Thirteen European countries have pledged to share one million genomes for research purposes by 2022.
These countries – including the UK, Sweden, Finland, Estonia and Spain – signed a declaration during the European Union's Digital Day 2018 conference that commits them to work together and ensure secure and authorised cross-border access to genomic and other health data.
The initiative is in agreement with the EU's Digital Single Market mid-term review priorities, which includes 'supporting the establishment of a secure health data infrastructure at EU level, to advance research and personalised medicine'.
Vytenis Andriukaitis, the EU's Commissioner for Health and Food Safety, said: 'This initiative can boost the development of public health for the benefit of EU citizens…I congratulate member states signing this declaration today and call upon other member states to join this great initiative and to make the EU a beacon for global health research.'
The countries involved will seek to leverage investments already made at national and EU level, especially in sequencing, biobanking and data infrastructure. The idea of bringing these resources together is to create a wider clinical impact, allowing researchers to better understand, prevent and develop treatments for rare diseases. Additionally, it is intended to speed up data-driven healthcare through 'a concerted effort to overcome data silos, lack of interoperability and fragmentation of initiatives across the EU'.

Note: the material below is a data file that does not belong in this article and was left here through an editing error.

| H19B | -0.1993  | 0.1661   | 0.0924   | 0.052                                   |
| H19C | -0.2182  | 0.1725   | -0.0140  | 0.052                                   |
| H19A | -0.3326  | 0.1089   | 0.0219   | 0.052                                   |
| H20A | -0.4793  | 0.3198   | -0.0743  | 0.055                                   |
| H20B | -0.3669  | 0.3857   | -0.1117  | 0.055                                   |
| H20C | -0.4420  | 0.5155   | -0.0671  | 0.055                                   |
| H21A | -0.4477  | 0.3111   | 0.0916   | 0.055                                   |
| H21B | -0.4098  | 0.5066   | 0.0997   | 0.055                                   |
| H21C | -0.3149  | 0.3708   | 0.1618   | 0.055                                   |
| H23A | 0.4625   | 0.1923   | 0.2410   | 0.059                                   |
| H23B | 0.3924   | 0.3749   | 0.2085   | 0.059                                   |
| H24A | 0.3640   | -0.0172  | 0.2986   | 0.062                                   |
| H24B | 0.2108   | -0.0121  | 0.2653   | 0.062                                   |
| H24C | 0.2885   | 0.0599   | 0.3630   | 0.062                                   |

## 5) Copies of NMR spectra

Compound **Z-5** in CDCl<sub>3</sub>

The declaration has also stressed the need for robust personal data-protection mechanisms that safeguard the privacy of individual data donors. It states that such cross-border data flows 'must be implemented in a lawful, secure, appropriate and specific way'.
However, notable research-intensive EU nations such as France and Germany have not signed up to the agreement so far. On the other hand, Brexit-bound UK has signed, despite getting ready to leave the EU next year. The UK's 100,000 Genomes Project is the world's largest national sequencing project.
In the same week as the declaration was announced, the UK Biobank said it would be sequencing 50,000 whole genomes by 2019, taking its first step towards sequencing 500,000 full genomes – a target laid out in the UK government's life-sciences industrial strategy.
'This development is transforming in many ways. It massively extends the sorts of questions that scientists can ask and the speed at which they will get results,' UK Biobank's principal investigator, Professor Sir Rory Collins, said in a statement.
Professor Sir John Bell at the University of Oxford, the architect of the life-sciences strategy, said: 'We hope in the coming months we will be able to consider thoroughly the range of options open for the main programme, including the use of new technologies to enhance the data set.'
He added: 'This programme should provide a new global standard for human genome sequencing and will greatly improve our ability to define and treat disease.'